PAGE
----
Nov 15, 2021

Seeking the serendipity of foreign travel on a trip closer to home

 

San Diego's Little Italy

The best foreign travel incorporates adventure. Not knowing everything that lies ahead comes with challenges along with unexpected rewards.


 My husband and I usually use public transportation instead of renting a car, knowing that while we might miss a connection, we're more likely to run into locals ready to share tips about what to see or where to eat as well as tell us where to get off.


We look for lodging in a neighborhood rather than in town centers, usually in a bed and breakfast, small hotel or Airbnb, then scout out a cafe where we'll be recognized as regulars on the second visit. Etched into my memory is the tea shop with a dirt floor in Myanmar where we sat each morning on miniature plastic stools and the lakeside cafe in Bukara, Uzbekistan where students surrounded us each afternoon to practice their English. 


 With Covid temporarily restricting our foreign travels, I've begun to think about how we could seek out that same sense of serendipity closer to home. Our recent five-day getaway to San Diego was the test case.  


Embracing public transportation in Europe or Asia is easy. Buses and trains go everywhere. But how would this work in car-centric Southern California? 


Neighborhood Airbnbs tempted us more than hotels in the downtown Gaslamp Quarter, but without a car, how practical would it be to get around?


Some quick research on San Diego's bus and light rail system showed us that except for using Uber to get to and from the airport, we would be able to go everywhere by downloading the city's digital Pronto app on our phones. The San Diego Metropolitan Transit System, with  95 bus routes and three light rail lines, operates it entire fleet on electric and natural gas.  With fares capped at $6 per day, all we had to do use our credit card to pre-load money onto the pass, then scan it each time we road.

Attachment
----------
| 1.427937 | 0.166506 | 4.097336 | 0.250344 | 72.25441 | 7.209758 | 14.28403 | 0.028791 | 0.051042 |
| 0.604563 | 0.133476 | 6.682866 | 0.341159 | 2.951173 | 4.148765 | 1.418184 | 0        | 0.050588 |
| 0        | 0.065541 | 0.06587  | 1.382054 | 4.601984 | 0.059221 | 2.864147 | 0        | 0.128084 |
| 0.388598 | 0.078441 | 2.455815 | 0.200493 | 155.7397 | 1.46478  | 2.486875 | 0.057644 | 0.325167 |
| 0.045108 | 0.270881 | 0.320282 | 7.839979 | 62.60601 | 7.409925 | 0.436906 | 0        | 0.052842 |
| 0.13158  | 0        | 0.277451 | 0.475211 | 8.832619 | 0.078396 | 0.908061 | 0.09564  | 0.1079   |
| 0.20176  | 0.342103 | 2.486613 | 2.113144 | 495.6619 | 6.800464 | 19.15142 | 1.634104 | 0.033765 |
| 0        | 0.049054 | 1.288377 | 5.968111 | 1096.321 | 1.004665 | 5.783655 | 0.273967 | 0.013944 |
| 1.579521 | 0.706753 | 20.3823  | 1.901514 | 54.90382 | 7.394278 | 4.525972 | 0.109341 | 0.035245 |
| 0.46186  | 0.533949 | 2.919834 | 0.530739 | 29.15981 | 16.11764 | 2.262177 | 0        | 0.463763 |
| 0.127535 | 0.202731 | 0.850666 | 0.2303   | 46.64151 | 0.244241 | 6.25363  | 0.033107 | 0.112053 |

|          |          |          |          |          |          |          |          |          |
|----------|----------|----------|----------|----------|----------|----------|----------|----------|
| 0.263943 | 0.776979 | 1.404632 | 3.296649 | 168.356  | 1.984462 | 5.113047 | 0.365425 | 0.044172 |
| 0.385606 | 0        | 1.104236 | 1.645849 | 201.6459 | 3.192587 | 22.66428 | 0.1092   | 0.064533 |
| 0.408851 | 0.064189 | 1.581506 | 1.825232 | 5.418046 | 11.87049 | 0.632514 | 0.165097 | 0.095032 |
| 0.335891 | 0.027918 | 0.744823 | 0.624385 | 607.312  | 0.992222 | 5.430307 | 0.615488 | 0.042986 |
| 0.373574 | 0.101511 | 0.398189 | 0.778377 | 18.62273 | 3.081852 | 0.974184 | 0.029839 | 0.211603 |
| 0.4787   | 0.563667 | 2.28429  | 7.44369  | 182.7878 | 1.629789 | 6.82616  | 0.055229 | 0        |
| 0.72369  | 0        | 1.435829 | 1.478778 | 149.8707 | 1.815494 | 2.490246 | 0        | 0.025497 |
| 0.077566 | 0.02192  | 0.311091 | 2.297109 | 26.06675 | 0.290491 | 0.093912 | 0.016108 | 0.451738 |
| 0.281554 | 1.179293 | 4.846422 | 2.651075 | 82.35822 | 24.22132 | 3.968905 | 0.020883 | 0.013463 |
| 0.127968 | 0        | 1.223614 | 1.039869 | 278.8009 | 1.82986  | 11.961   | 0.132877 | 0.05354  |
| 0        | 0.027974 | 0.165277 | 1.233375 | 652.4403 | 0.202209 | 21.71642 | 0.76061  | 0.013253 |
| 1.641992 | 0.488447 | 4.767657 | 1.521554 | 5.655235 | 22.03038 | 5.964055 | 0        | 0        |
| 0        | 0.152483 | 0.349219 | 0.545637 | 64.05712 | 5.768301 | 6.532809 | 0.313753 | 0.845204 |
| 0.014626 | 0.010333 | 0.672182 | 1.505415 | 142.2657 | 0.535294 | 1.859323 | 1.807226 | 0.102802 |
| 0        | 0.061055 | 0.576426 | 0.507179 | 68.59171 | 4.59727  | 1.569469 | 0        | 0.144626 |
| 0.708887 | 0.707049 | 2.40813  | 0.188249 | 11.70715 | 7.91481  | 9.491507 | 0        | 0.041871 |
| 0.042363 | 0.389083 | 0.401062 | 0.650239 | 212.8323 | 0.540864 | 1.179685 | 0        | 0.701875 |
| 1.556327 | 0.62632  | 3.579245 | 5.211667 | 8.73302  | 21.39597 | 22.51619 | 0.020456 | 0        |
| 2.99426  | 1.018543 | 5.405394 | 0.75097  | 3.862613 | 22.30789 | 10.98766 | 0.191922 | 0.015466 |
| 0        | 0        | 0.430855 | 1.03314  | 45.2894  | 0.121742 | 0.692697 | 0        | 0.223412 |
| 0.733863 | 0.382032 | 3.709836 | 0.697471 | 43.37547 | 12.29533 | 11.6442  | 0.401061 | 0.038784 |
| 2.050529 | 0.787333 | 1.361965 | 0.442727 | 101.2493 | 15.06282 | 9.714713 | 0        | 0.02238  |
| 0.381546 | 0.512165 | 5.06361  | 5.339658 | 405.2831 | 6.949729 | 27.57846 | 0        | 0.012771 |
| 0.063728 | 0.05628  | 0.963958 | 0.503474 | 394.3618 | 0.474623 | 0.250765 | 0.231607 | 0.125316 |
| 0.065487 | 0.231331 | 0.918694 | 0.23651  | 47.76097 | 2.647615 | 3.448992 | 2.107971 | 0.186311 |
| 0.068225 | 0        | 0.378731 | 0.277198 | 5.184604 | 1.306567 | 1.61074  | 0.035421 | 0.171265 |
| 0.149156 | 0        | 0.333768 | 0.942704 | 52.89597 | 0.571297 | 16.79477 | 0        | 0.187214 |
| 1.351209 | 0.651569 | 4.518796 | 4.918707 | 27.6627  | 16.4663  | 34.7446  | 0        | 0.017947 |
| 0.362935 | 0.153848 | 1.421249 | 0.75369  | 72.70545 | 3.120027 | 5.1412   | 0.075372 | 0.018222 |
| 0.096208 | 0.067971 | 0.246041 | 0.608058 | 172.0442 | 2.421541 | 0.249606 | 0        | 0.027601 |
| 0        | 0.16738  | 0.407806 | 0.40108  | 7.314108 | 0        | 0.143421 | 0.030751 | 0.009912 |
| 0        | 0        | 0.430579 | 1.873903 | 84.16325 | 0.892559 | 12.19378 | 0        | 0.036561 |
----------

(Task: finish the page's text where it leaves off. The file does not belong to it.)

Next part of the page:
Our Airbnb in Bankers Hill


Confident we could get around easily, we settled on a charming garden studio, newly converted from a carriage house, on a quiet residential street in Bankers Hill in the elegant Uptown neighborhood near Balboa Park.


 The Airbnb checked all the boxes for unique accommodations. The owners managed to squeeze a patio, full kitchen, bath and a working fireplace into a tiny amount of space. The secret was a surprisingly comfortable Murphy bed hidden behind a bookshelf which we pulled down following video instructions supplied at check-in.


Research on Tripadvisor.com pointed us in the direction fo Cafe Bassam, two blocks away via the pedestrian Quince Street Bridge, originally built in 1905 to give Uptown residents better access to a trolley line.


The Quince Street footbridge


So far, the neighborhood was living up to our expectations for adventure. The long, narrow footbridge spans Maple Canyon, a park with walking trails leading downhill to Little Italy in Midtown and San Diego's Waterfront Park.